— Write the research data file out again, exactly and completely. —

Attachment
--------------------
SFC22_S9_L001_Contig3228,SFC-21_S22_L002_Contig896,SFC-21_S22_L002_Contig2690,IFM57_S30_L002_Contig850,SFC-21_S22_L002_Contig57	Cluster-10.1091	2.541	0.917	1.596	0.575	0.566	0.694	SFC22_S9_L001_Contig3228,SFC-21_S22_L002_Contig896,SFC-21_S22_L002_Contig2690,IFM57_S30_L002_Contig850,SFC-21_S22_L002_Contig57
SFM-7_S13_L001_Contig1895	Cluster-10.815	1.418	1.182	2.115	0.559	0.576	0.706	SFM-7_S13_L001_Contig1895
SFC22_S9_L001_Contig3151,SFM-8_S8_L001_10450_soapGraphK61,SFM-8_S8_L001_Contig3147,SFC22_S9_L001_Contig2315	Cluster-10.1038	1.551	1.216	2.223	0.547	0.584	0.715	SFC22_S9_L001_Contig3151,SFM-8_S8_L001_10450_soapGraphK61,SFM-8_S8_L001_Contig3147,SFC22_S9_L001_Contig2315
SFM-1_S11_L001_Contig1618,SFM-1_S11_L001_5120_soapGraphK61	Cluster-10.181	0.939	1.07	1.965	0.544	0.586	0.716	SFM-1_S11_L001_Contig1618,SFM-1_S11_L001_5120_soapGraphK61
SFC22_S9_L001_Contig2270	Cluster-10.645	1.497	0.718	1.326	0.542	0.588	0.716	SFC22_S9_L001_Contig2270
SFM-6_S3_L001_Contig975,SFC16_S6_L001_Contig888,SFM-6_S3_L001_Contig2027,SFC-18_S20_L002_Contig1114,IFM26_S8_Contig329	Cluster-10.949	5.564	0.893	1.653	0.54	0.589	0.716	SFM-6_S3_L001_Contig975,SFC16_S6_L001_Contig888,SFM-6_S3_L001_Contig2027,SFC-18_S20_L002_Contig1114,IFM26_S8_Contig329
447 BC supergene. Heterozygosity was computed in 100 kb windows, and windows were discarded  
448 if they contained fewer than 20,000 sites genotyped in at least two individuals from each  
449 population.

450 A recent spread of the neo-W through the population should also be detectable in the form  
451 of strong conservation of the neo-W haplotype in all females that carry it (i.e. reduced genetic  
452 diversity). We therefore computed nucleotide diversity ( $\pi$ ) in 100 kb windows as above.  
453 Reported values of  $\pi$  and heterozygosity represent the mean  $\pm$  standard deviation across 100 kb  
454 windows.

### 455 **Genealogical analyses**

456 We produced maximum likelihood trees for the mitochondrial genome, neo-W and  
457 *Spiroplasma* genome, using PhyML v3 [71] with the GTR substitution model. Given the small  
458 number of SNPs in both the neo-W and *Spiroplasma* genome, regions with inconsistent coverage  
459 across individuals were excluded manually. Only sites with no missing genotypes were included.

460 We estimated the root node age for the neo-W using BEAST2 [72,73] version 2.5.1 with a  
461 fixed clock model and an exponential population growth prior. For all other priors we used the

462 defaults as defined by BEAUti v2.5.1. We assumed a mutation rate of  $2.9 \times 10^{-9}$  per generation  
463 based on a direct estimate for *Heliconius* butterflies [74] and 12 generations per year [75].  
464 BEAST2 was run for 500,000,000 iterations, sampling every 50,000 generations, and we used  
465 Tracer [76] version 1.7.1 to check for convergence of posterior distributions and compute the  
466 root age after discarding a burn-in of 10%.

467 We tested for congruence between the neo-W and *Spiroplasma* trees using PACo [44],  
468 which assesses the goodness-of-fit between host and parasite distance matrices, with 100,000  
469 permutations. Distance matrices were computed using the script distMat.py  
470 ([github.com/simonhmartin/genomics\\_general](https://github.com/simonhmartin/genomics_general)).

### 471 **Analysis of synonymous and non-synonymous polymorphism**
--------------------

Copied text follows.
SFC22_S9_L001_Contig3228,SFC-21_S22_L002_Contig896,SFC-21_S22_L002_Contig2690,IFM57_S30_L002_Contig850,SFC-21_S22_L002_Contig57	Cluster-10.1091	2.541	0.917	1.596	0.575	0.566	0.694	SFC22_S9_L001_Contig3228,SFC-21_S22_L002_Contig896,SFC-21_S22_L002_Contig2690,IFM57_S30_L002_Contig850,SFC-21_S22_L002_Contig57
SFM-7_S13_L001_Contig1895	Cluster-10.815	1.418	1.182	2.115	0.559	0.576	0.706	SFM-7_S13_L001_Contig1895
SFC22_S9_L001_Contig3151,SFM-8_S8_L001_10450_soapGraphK61,SFM-8_S8_L001_Contig3147,SFC22_S9_L001_Contig2315	Cluster-10.1038	1.551	1.216	2.223	0.547	0.584	0.715	SFC22_S9_L001_Contig3151,SFM-8_S8_L001_10450_soapGraphK61,SFM-8_S8_L001_Contig3147,SFC22_S9_L001_Contig2315
SFM-1_S11_L001_Contig1618,SFM-1_S11_L001_5120_soapGraphK61	Cluster-10.181	0.939	1.07	1.965	0.544	0.586	0.716	SFM-1_S11_L001_Contig1618,SFM-1_S11_L001_5120_soapGraphK61
SFC22_S9_L001_Contig2270	Cluster-10.645	1.497	0.718	1.326	0.542	0.588	0.716	SFC22_S9_L001_Contig2270
SFM-6_S3_L001_Contig975,SFC16_S6_L001_Contig888,SFM-6_S3_L001_Contig2027,SFC-18_S20_L002_Contig1114,IFM26_S8_Contig329	Cluster-10.949	5.564	0.893	1.653	0.54	0.589	0.716	SFM-6_S3_L001_Contig975,SFC16_S6_L001_Contig888,SFM-6_S3_L001_Contig2027,SFC-18_S20_L002_Contig1114,IFM26_S8_Contig329
447 BC supergene. Heterozygosity was computed in 100 kb windows, and windows were discarded  
448 if they contained fewer than 20,000 sites genotyped in at least two individuals from each  
449 population.

450 A recent spread of the neo-W through the population should also be detectable in the form  
451 of strong conservation of the neo-W haplotype in all females that carry it (i.e. reduced genetic  
452 diversity). We therefore computed nucleotide diversity ( $\pi$ ) in 100 kb windows as above.  
453 Reported values of  $\pi$  and heterozygosity represent the mean  $\pm$  standard deviation across 100 kb  
454 windows.

### 455 **Genealogical analyses**

456 We produced maximum likelihood trees for the mitochondrial genome, neo-W and  
457 *Spiroplasma* genome, using PhyML v3 [71] with the GTR substitution model. Given the small  
458 number of SNPs in both the neo-W and *Spiroplasma* genome, regions with inconsistent coverage  
459 across individuals were excluded manually. Only sites with no missing genotypes were included.

460 We estimated the root node age for the neo-W using BEAST2 [72,73] version 2.5.1 with a  
461 fixed clock model and an exponential population growth prior. For all other priors we used the

462 defaults as defined by BEAUti v2.5.1. We assumed a mutation rate of  $2.9 \times 10^{-9}$  per generation  
463 based on a direct estimate for *Heliconius* butterflies [74] and 12 generations per year [75].  
464 BEAST2 was run for 500,000,000 iterations, sampling every 50,000 generations, and we used  
465 Tracer [76] version 1.7.1 to check for convergence of posterior distributions and compute the  
466 root age after discarding a burn-in of 10%.

467 We tested for congruence between the neo-W and *Spiroplasma* trees using PACo [44],  
468 which assesses the goodness-of-fit between host and parasite distance matrices, with 100,000  
469 permutations. Distance matrices were computed using the script distMat.py  
470 ([github.com/simonhmartin/genomics\\_general](https://github.com/simonhmartin/genomics_general)).

### 471 **Analysis of synonymous and non-synonymous polymorphism**